With temperatures already having approached 90 degrees around Centre County earlier this week, local officials are urging pet owners not to leave their dogs or other pets in their vehicles unattended.
Even with windows partially opened, temperatures in cars can reach dangerous temperatures in a matter of minutes.
On Tuesday, state police in Lamar, Clinton County, charged a Mill Hall man with cruelty to animals after they said he left his Jack Russell terrier locked in his vehicle at a Kmart parking lot in Bald Eagle Township.
Police said the dog, Toby, was found in the front passenger seat of the Ford Freestyle with no water, and was “panting profusely.” Outside temperatures at the time measured 86 degrees, police reported.
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And local meteorologists said when the outside heat is that hot, the heat inside a vehicle rises rapidly, exceeding the outside temperature.
While officials say they get few reports of animals being left in a hot car, Ferguson Township Police Chief Diane Conrad said she already has heard of a few reports of the sort already.
“The majority of those complaints come from people who see a dog stuck in a vehicle in a parking lot during the summer with the windows rolled up,” Conrad said. “In most cases, the owner is located or, by the time we arrive to the scene, the vehicle is already gone.”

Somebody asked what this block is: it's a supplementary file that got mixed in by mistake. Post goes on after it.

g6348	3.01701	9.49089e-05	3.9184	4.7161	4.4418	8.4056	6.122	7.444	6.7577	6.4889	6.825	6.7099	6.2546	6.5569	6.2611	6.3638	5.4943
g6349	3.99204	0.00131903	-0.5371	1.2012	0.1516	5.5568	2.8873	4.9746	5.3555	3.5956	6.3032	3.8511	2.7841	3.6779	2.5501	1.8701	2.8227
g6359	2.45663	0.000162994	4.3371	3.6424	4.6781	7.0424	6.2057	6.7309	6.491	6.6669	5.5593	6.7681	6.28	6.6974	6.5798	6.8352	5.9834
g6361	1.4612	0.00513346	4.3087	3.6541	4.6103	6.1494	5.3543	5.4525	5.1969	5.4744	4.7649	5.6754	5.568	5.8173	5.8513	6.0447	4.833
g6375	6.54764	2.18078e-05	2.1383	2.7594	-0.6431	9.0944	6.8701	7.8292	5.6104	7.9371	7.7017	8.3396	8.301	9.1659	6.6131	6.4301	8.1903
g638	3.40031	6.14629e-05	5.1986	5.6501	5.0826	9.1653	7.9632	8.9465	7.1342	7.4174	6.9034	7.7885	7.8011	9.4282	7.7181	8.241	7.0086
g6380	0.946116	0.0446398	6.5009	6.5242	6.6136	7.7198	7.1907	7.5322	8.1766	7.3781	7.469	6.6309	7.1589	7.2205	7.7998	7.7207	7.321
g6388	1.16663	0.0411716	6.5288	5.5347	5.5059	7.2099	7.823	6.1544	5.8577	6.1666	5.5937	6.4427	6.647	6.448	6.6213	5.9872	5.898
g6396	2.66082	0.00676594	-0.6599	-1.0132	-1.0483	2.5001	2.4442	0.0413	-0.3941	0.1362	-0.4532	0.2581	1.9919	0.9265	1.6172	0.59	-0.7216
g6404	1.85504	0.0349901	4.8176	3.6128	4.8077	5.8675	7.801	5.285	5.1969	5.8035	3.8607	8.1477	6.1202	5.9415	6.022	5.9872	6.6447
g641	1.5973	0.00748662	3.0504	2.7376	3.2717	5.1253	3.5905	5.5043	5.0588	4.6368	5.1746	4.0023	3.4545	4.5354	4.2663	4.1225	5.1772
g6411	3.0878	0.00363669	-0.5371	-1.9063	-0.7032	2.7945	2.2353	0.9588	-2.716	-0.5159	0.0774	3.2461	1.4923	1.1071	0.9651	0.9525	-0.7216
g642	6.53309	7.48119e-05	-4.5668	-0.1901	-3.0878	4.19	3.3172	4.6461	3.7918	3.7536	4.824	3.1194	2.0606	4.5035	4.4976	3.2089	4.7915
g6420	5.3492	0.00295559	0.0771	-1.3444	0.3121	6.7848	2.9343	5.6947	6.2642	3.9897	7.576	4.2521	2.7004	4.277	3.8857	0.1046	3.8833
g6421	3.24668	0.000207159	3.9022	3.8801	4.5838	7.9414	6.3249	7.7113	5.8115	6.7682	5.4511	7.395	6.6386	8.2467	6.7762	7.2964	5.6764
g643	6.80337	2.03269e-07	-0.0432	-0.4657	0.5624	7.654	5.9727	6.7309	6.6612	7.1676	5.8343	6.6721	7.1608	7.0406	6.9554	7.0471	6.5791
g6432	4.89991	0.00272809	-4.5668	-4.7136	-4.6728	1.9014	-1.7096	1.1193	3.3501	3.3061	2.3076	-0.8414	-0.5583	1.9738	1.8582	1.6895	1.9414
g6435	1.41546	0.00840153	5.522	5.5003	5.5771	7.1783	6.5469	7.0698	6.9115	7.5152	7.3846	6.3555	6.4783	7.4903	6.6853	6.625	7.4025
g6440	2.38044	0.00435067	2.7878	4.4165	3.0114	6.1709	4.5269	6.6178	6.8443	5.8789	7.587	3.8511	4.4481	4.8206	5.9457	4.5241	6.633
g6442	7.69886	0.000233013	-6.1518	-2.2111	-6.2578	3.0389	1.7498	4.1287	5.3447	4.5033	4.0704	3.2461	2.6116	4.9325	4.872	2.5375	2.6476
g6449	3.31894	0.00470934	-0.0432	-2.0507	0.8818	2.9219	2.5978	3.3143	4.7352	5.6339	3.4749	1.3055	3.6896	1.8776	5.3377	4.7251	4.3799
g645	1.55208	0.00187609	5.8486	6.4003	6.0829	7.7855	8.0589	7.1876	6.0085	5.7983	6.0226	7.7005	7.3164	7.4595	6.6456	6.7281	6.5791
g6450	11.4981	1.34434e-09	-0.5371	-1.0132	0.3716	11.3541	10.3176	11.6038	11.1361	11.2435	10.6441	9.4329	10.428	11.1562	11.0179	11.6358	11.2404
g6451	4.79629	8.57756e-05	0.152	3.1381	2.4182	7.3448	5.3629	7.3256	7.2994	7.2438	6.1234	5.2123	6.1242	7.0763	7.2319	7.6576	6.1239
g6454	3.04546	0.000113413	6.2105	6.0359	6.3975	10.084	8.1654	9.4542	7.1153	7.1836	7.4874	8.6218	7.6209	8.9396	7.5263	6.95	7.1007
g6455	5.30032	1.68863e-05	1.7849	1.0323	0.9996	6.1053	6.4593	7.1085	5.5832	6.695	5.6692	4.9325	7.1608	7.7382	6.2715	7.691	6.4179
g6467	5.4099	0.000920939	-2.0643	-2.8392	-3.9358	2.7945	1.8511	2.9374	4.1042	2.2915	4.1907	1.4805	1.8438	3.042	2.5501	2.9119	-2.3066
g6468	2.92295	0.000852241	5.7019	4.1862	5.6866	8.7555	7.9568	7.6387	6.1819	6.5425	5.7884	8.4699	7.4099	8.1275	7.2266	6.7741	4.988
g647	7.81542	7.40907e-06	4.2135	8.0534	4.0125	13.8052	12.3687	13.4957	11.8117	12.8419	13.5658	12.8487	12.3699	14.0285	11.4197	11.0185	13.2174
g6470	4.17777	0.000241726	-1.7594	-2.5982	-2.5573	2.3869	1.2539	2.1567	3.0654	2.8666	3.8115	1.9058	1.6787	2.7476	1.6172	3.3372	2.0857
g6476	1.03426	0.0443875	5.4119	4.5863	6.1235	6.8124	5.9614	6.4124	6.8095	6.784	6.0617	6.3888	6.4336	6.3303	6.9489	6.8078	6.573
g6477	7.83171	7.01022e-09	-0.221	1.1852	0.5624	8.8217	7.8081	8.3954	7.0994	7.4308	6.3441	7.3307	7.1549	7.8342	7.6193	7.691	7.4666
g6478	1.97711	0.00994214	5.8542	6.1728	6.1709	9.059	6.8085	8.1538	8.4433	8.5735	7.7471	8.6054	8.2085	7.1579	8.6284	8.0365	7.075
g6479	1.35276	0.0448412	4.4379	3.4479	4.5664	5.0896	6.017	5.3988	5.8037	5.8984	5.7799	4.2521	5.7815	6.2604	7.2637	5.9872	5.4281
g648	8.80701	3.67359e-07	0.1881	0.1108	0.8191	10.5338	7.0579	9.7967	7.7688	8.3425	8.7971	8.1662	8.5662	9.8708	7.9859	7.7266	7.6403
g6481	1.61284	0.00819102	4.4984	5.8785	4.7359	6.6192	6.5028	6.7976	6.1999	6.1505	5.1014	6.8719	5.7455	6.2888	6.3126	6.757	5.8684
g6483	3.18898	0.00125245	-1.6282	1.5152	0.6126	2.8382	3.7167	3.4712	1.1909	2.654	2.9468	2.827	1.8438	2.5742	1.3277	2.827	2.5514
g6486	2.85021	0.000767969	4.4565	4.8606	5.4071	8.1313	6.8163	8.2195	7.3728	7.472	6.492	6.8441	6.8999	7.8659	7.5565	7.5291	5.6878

The cases are few, Conrad said, but in severe cases, animal cruelty charges can be filed.
Patton Township Police Chief John Petrick said his department gets a few cases as well.
“Our guide is to treat your dog as you would a human,” Petrick said. “If you wouldn’t leave a child in a hot, locked vehicle, don’t leave your dog there.”
National Weather Service Meteorologist Craig Evanego said the general temperature measurements are that if it’s 90 degrees outside, a vehicle within 10 minutes can heat up to about 110 degrees. In 20 minutes, the vehicle can then reach 120 degrees, and within a half-hour, a vehicle can get as hot as 125 degrees.
If you open a window, Evanego said, “It makes a little bit of a difference, but it’s not substantial.” The inside of the vehicle will still be hotter than the outside temperature, he said.
For animals, specifically dogs, Metzger Animal Hospital veterinarian Dr. Shelly Mannino said their body heat rises faster than humans, and they can suffer heatstroke.
Signs of heatstroke in dogs include panting, discomfort, seizures and unconsciousness.
“With summer, people are out and about more, but they have to be careful with their pets,” Mannino said. “Dogs will keep going even when they shouldn’t. You can get a goofy young dog that will go beyond what it’s capable of.”
When there are signs of pet neglect, Mannino said the veterinary clinic will reach out to law enforcement or animal advocates. However, she said she sees few, if any, a year.